Your father started as an actor and then became a successful radio announcer. He gave you a lot of advice when you were starting out, including encouraging you to hit the streets to give out your resume. Explain how actors looked for jobs in those days. Well, there was actually a little publication that came out every month called “Ross Reports,” which listed all the casting agencies in the city. There were no computers or iPhones, so you had the advantage of going yourself and opening a door and having somebody say, “Get out, we’re not taking any resumes today.” But that secretary who told you to get out would be the agent a year from then. She would have moved up inside that company. Well, they need their own clients; they don’t want somebody else’s clients. So the door is open for you to become the new client. But to do it, you have to prove that you’re ambitious and responsible, and that doesn’t mean showing up once or 20 times either, because then you become a stalker. But it becomes knowing when you have something to offer. So if you’re in a play or get a job, then you go back to all of them … . People who think you walk in and it happens, it doesn’t. But if you put your foot in 10 doors, there’s a chance one or two will open.

You explained that people liked your rapport with Woody Allen on camera, which is also your relationship in real life. Why do you think that is? There was a nice article in the New Yorker by Richard Brody about the relationship between Woody and the movies and he referred to it as a “bromance.” And he tried to explain what it was. Nobody knows what it is. It resonates. Most people want to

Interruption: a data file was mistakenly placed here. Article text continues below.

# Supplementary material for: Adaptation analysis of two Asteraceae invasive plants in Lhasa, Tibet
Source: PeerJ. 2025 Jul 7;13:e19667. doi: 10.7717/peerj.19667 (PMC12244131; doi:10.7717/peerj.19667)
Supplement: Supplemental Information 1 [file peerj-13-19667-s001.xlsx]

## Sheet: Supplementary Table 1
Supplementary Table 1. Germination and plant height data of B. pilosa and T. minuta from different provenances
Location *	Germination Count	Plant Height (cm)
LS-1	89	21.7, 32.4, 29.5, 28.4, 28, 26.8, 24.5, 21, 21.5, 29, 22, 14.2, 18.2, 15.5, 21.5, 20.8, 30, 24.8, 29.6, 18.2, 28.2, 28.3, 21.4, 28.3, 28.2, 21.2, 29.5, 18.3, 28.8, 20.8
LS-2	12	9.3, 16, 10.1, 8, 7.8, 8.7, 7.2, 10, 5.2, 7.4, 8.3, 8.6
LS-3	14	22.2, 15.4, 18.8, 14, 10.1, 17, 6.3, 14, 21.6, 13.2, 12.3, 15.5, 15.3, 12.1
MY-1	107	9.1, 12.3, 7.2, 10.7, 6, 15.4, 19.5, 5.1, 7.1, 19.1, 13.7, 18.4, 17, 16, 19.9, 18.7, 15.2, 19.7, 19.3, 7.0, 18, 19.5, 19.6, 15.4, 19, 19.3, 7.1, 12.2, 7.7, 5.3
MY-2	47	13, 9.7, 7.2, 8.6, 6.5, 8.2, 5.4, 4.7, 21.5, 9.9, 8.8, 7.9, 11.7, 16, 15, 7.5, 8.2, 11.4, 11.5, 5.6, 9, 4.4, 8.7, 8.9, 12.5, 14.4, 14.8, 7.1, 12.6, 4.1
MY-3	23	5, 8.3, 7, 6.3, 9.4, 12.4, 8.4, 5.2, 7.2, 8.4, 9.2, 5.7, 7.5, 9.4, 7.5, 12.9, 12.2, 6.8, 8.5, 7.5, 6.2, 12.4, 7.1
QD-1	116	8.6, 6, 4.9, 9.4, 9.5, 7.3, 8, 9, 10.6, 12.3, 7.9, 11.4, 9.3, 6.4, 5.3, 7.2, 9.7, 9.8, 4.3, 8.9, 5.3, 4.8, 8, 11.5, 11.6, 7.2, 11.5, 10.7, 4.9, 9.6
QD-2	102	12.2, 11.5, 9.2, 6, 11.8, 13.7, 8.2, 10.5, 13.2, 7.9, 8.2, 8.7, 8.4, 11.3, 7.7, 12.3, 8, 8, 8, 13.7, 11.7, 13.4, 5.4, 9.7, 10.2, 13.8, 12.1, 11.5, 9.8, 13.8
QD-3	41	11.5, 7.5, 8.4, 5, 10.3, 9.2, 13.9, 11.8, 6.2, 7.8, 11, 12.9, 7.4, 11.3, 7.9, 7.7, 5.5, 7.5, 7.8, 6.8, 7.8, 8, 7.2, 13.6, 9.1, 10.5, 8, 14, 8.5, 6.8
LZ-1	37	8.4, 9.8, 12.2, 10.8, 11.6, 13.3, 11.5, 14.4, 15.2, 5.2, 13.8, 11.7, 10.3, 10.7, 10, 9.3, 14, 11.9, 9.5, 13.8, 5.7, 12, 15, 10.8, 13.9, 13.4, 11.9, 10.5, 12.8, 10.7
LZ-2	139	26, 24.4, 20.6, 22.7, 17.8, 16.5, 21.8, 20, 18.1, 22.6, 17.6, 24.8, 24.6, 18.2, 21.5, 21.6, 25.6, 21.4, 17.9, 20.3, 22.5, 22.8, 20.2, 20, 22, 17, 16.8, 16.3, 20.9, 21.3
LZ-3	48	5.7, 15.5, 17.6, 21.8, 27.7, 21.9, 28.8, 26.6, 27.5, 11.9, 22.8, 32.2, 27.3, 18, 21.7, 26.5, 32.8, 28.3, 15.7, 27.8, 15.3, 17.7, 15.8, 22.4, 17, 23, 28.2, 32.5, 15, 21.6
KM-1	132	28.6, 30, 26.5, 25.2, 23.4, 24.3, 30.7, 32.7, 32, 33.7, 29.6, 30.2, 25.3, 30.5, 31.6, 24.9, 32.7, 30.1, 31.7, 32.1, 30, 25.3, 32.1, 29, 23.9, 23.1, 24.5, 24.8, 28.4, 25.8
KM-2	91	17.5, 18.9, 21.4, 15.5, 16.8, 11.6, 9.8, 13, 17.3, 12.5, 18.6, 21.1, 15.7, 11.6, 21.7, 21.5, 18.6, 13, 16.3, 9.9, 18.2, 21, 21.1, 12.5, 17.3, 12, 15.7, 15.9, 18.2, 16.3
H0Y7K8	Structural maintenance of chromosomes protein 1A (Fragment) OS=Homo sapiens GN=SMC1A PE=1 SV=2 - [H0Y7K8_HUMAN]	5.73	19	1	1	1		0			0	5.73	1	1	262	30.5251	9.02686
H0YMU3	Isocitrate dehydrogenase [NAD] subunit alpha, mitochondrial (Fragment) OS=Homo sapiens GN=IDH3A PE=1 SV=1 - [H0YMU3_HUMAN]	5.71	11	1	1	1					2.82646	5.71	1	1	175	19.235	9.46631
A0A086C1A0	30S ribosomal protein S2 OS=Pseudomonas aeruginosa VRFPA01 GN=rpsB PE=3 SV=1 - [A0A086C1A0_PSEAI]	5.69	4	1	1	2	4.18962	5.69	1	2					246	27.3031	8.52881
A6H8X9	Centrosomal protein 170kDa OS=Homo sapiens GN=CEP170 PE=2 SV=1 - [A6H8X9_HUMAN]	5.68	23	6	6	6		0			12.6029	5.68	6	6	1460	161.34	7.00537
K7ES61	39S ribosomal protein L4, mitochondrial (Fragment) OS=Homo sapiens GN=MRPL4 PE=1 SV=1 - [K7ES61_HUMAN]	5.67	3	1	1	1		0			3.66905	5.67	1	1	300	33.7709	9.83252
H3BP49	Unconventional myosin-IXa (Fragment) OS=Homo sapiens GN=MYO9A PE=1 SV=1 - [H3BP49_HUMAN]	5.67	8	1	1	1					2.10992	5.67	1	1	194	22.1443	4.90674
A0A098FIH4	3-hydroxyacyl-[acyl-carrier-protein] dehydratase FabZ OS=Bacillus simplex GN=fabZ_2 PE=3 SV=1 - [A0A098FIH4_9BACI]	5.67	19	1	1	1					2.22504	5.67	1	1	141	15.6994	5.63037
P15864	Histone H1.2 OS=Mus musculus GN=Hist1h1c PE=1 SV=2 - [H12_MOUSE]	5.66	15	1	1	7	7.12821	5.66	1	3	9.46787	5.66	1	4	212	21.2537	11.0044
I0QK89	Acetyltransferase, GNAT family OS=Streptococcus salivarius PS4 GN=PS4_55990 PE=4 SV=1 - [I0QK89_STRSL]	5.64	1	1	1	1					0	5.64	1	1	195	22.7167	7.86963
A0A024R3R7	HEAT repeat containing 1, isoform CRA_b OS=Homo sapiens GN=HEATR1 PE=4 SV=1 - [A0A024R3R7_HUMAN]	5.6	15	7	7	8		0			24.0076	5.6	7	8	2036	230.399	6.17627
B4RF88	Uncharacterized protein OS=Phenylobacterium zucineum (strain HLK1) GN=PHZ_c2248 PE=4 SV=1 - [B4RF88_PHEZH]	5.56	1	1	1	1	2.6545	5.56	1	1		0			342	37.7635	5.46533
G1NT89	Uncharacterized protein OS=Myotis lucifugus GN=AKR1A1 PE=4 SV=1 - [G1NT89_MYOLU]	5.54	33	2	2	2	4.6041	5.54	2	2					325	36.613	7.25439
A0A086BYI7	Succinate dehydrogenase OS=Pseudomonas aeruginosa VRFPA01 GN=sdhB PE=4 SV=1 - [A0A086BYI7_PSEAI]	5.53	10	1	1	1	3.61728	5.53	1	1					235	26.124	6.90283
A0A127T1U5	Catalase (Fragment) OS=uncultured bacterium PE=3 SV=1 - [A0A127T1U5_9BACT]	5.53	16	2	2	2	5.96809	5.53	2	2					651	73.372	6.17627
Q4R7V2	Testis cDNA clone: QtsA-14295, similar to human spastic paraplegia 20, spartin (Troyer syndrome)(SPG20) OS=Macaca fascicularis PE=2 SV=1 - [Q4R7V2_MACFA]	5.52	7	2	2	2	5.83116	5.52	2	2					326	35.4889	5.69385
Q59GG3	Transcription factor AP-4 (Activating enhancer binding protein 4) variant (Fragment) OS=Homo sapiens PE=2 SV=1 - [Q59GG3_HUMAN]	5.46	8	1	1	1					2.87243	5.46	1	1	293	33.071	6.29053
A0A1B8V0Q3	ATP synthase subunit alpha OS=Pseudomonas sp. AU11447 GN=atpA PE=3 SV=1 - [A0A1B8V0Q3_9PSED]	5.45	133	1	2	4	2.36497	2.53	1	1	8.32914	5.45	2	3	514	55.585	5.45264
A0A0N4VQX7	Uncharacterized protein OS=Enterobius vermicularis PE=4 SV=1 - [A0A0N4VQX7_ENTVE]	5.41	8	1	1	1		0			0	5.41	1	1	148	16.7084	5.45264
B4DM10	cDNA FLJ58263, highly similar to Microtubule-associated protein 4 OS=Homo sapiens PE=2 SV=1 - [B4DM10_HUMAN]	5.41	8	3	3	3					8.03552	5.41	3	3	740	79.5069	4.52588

Shane Harper, Colt Prattes and Tony Roberts in “Dirty Dancing,” airing May 24 on ABC. Photo: © 2016 American Broadcasting Companies. know why we call each other Max and there’s a story behind that, which is in the book. But it was his genius to know that everybody who’s really friendly talks to each other with nicknames that are true only to those two people. And that gave it an authenticity right away. It was also because we are the same, but different. We’re both from New York City, but he’s from Brooklyn. He grew up in a crazy household of relatives and noise and not a lot of money. And I grew up in Manhattan with a very sophisticated, enlightened crowd of performers and actors. But there was something that connected us about being maybe Jews. Maybe neither one of us was particularly athletically gifted. He would hate for me to say that because he’s more athletically gifted than I am, but he doesn’t look like it. But mostly it was the way he wrote us. He was as surprised by it as anybody. Because when “Annie Hall” came out, he said, “You know, I hear a lot from people who say they like our schmoozing.”

After “Annie Hall,” people started recognizing you more in Manhattan, which still continues to this day. You talk about some of those encounters in the book. Tell us one of those stories. The first one that comes to mind is Joe Biden. He poked his head out of a